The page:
Missouri Pacific next argues that there is insufficient evidence to support the jury's award of $327,000.00 to Lane's parents for past and future lost companionship and for past and future mental anguish. Specifically, it argues that since the pecuniary damages awarded were only $3,500.00, the award of $327,000.00 for loss of companionship and mental anguish is necessarily excessive. We cannot agree. One of the reasons Texas now allows a recovery for termination of the parent-child relationship and the resulting mental anguish is that payment for pecuniary loss alone was inadequate to compensate the parents. See Cavnar v. Quality Control Parking, Inc., 696 S.W.2d 549 (Tex.1985); Sanchez v. Schindler, 651 S.W.2d 249 (Tex.1983). We decline to adopt a rule that damages for loss of companionship and for mental anguish must be reasonably proportional to the damages for pecuniary loss. The record reflects that the Lanes were a close family and that Marvin Lane's death was especially difficult on his parents. We find sufficient evidence to support the jury's findings, and we find that the damages awarded are not excessive.

Missouri Pacific further contends that there is no evidence or insufficient evidence to support the jury's awarding $19,500.00 to Lane's estate for physical pain and mental anguish suffered before his death. The argument is based upon the fact that Lane was apparently killed instantly. Such an argument fails to consider the terror and consequent mental anguish Lane suffered for the six to eight seconds while he faced imminent death. We find the jury verdict in this respect based upon sufficient evidence.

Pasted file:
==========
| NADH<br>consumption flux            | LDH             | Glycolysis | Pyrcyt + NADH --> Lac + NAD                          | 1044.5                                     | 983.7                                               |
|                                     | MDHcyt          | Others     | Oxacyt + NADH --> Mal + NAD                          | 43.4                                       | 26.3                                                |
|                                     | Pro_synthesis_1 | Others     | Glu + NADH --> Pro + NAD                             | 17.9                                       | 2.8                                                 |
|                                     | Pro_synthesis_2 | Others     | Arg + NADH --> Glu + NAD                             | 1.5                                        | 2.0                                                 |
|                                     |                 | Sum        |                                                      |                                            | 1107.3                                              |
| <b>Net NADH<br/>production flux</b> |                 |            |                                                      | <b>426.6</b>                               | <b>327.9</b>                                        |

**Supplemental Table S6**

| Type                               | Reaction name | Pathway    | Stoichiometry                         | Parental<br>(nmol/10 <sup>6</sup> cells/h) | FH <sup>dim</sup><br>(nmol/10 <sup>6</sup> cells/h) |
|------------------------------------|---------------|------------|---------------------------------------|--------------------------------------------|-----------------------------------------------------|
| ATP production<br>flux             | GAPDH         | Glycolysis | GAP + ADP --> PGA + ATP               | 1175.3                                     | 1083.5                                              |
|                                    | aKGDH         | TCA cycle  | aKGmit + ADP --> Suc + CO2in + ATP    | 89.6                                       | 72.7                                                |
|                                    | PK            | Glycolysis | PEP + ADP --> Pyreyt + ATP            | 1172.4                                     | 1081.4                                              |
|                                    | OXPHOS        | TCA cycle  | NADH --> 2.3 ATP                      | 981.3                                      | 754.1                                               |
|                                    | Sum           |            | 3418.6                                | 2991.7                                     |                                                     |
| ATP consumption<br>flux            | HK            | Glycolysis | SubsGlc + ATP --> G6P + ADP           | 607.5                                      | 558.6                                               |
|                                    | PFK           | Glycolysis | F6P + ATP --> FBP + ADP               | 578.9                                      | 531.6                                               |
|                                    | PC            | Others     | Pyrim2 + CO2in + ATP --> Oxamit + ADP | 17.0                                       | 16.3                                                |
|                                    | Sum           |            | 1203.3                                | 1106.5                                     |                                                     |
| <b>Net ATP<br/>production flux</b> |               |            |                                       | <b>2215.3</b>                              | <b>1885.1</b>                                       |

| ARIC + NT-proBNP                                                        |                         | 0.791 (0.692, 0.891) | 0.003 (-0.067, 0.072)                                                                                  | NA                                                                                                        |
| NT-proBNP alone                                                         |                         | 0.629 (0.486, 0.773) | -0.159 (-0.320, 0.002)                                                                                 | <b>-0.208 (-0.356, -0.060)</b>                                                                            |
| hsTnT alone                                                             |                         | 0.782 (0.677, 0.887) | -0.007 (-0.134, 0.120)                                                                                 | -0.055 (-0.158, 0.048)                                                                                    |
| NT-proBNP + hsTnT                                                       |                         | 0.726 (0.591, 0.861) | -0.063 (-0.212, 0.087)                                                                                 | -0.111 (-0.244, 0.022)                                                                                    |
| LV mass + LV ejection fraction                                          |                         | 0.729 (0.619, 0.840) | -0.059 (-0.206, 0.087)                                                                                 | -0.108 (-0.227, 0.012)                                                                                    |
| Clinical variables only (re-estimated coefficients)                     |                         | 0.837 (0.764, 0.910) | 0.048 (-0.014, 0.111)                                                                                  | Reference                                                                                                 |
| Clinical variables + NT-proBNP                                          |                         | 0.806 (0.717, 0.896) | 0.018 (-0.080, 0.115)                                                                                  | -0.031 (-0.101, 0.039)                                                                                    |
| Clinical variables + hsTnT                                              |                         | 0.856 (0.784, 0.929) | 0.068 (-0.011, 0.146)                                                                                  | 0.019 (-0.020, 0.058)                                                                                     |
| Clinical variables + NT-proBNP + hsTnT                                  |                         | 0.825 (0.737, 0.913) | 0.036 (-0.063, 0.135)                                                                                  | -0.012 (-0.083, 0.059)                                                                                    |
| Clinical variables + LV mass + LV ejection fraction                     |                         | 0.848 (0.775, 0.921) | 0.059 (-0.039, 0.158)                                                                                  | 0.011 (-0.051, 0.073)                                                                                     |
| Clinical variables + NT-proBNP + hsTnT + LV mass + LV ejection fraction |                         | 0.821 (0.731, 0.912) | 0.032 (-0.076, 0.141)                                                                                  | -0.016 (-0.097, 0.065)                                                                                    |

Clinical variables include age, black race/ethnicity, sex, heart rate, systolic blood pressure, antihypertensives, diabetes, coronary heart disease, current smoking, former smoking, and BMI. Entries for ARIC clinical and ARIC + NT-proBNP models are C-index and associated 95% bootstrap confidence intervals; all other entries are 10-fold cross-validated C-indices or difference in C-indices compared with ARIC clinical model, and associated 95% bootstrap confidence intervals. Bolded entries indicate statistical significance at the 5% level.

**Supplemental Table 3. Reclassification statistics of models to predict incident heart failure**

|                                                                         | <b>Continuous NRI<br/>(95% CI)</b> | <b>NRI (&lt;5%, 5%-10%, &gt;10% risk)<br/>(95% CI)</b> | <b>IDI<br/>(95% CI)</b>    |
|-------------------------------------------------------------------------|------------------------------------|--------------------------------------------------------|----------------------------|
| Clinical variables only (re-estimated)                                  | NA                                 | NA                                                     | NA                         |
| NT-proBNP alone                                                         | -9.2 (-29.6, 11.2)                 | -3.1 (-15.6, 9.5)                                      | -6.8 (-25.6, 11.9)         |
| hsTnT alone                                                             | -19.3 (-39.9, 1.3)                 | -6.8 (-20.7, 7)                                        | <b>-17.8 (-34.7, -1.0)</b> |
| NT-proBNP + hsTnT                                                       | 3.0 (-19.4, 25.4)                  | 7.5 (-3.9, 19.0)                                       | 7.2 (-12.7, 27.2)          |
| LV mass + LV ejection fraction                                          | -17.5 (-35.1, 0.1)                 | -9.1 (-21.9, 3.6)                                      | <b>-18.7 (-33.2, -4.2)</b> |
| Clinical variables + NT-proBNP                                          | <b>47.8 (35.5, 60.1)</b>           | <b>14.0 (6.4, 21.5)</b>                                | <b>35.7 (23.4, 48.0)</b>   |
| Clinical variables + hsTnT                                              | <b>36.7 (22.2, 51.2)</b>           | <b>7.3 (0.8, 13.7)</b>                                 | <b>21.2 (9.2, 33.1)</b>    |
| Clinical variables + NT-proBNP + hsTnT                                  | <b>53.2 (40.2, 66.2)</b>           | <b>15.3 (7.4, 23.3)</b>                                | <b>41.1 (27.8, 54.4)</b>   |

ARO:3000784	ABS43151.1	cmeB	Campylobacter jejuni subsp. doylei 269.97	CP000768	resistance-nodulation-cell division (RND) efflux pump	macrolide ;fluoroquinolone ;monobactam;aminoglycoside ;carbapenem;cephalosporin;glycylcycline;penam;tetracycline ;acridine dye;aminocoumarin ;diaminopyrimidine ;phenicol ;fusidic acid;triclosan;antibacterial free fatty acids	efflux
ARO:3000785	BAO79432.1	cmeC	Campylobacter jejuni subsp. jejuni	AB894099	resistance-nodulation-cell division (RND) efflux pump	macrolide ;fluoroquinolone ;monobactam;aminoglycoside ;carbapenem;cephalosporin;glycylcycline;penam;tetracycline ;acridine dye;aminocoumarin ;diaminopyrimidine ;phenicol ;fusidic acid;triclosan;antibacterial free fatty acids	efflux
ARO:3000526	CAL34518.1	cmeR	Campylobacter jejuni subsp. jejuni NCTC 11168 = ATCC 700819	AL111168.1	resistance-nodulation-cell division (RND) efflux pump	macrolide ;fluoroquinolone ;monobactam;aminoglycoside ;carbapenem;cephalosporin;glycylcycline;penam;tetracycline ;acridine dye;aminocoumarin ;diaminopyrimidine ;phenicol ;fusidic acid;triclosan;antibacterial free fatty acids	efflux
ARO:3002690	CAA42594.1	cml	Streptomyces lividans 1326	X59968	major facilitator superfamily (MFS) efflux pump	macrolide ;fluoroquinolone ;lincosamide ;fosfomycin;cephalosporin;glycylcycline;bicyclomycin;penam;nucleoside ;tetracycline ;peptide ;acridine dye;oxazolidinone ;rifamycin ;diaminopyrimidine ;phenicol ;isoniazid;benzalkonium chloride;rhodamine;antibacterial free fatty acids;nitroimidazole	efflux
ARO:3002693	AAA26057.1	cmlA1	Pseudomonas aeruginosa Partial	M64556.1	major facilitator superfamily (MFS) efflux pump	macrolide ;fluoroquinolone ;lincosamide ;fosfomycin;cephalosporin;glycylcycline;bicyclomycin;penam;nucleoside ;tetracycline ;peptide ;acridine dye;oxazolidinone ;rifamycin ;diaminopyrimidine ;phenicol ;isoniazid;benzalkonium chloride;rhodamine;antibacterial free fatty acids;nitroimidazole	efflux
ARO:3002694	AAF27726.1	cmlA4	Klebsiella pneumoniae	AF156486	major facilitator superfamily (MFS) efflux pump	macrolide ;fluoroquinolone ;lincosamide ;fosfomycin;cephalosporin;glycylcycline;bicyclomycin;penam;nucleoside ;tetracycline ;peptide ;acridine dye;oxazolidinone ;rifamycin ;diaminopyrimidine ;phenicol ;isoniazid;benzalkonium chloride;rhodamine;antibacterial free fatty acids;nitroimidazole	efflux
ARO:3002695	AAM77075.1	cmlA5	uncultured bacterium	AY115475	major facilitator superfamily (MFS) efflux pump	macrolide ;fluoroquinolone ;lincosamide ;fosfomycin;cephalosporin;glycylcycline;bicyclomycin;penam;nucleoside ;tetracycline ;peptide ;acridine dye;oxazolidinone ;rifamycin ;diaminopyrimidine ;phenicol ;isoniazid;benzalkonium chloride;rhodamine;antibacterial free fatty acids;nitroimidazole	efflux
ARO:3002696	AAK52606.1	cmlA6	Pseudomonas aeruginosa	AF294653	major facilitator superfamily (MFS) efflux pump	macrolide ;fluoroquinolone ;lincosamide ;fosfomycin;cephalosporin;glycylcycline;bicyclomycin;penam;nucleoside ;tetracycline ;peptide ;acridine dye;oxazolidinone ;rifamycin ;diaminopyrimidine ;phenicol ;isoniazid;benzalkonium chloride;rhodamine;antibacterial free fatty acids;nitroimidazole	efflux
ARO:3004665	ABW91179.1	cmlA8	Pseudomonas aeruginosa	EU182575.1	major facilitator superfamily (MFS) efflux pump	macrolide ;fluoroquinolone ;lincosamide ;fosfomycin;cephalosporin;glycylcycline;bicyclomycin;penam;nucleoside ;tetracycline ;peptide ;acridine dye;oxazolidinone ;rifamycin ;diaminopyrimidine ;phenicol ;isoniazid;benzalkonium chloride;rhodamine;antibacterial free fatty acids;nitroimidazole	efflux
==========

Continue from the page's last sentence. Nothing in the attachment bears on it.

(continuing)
Missouri Pacific also contends that the jury's failure to find that Lane's failure to keep a proper lookout was a proximate cause of the accident, and that his failure to exit the truck after he saw the train was not negligent, was against the great weight and preponderance of the evidence. The jury's failure to find a fact upon which the complaining party has the burden of proof need not be supported by affirmative evidence. However, when it is urged, as in this case, that the jury's failure to find a fact is so against the great weight and preponderance of the evidence as to be manifestly wrong the fact finding power of the Court of Appeals is invoked, and we are required to weigh all of the evidence and determine if the complained-of finding is against the great weight and preponderance of the evidence. Traylor v. Goulding, 497 S.W.2d 944 (Tex.1973).

We conclude that the jury's failure to find these facts is not against the great weight and preponderance of the evidence. One confronted with a sudden emergency without sufficient time to determine with certainty the best course of action is not held to the same accuracy of judgment as he would be if he had time for cool deliberation. Herndon v. Halliburton Oil Well Cementing Co., 154 S.W.2d 163 (Tex.Civ.App.-El Paso 1941, writ ref'd w.o. m.). Lane was confronted with a 2,000 ton train speeding toward him at sixty miles per hour. From the evidence the jury could have concluded that he had only six to eight seconds to react to the situation. Although there was evidence that Lane started to get out of the truck but then got back into it before the collision, it was also shown that to exit the truck and escape danger he would have to walk or run on the track toward the oncoming train. The jury could thus reasonably conclude that, facing these emergency situations, Lane's conduct under the circumstances was not negligent.